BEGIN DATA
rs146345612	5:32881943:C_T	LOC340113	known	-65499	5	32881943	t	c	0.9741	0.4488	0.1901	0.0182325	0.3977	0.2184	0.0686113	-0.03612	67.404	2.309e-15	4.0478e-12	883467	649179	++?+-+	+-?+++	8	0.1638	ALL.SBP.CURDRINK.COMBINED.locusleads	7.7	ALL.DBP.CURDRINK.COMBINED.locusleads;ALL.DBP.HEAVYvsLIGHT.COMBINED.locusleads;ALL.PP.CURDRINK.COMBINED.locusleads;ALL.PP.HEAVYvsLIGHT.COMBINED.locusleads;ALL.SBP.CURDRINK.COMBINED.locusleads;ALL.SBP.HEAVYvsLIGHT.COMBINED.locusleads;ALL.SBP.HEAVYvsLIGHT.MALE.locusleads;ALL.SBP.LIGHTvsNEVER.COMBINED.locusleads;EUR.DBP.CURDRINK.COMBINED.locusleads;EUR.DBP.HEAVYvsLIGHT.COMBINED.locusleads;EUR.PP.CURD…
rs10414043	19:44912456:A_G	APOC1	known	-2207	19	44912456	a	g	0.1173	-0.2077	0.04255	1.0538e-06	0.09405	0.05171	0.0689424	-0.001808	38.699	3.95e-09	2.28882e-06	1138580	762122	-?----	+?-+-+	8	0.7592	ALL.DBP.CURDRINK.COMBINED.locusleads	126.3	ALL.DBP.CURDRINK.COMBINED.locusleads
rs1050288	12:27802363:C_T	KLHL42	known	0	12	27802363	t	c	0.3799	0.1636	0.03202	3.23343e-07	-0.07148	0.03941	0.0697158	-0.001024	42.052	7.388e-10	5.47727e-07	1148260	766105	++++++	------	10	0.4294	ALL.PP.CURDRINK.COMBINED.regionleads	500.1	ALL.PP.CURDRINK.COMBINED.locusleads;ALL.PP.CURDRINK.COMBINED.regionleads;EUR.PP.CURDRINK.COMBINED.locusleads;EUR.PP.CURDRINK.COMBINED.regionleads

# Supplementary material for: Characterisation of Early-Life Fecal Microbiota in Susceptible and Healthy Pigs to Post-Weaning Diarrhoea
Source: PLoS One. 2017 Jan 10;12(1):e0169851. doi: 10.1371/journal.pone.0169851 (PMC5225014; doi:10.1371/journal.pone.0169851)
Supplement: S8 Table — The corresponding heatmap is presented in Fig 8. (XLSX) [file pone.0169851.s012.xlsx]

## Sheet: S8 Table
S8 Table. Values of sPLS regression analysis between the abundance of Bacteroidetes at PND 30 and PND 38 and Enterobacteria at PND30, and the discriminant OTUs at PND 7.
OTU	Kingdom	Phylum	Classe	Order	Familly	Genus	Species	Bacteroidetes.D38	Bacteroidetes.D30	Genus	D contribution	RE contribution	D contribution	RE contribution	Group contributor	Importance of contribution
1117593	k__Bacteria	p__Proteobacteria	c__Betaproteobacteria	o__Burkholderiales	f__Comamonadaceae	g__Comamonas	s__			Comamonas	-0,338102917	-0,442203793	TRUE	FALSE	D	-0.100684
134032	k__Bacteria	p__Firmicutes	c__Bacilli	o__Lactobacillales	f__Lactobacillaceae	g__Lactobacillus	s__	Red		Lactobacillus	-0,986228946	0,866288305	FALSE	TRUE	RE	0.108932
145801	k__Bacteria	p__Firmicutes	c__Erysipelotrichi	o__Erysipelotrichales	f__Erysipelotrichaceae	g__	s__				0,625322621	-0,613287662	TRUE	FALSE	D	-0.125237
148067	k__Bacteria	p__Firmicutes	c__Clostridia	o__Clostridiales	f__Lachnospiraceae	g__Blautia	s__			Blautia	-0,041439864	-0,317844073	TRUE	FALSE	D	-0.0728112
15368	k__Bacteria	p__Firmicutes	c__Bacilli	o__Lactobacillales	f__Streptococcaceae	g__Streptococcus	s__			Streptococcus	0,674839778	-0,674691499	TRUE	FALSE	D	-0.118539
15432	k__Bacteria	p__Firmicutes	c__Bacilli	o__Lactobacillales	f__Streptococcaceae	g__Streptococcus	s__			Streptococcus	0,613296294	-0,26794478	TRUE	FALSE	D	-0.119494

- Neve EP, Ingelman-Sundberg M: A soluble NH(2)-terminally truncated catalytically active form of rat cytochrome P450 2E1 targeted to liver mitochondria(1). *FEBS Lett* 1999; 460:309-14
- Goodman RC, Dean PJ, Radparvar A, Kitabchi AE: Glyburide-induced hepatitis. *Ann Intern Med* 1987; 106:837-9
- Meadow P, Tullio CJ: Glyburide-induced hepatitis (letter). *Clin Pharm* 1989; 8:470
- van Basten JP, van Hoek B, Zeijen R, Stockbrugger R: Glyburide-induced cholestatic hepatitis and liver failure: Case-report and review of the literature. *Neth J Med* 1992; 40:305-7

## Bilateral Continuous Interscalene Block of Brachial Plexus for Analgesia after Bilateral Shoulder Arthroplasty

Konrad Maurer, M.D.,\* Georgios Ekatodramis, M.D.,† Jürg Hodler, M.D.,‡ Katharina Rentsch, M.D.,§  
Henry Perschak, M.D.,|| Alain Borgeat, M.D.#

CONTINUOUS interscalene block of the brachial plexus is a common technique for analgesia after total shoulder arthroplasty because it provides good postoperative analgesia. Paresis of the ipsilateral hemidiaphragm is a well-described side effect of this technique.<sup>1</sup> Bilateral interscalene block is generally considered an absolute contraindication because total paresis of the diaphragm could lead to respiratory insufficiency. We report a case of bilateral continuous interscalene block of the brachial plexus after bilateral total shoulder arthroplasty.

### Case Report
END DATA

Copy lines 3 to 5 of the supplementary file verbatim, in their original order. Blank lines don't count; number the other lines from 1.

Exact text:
rs1050288	12:27802363:C_T	KLHL42	known	0	12	27802363	t	c	0.3799	0.1636	0.03202	3.23343e-07	-0.07148	0.03941	0.0697158	-0.001024	42.052	7.388e-10	5.47727e-07	1148260	766105	++++++	------	10	0.4294	ALL.PP.CURDRINK.COMBINED.regionleads	500.1	ALL.PP.CURDRINK.COMBINED.locusleads;ALL.PP.CURDRINK.COMBINED.regionleads;EUR.PP.CURDRINK.COMBINED.locusleads;EUR.PP.CURDRINK.COMBINED.regionleads

# Supplementary material for: Characterisation of Early-Life Fecal Microbiota in Susceptible and Healthy Pigs to Post-Weaning Diarrhoea
Source: PLoS One. 2017 Jan 10;12(1):e0169851. doi: 10.1371/journal.pone.0169851 (PMC5225014; doi:10.1371/journal.pone.0169851)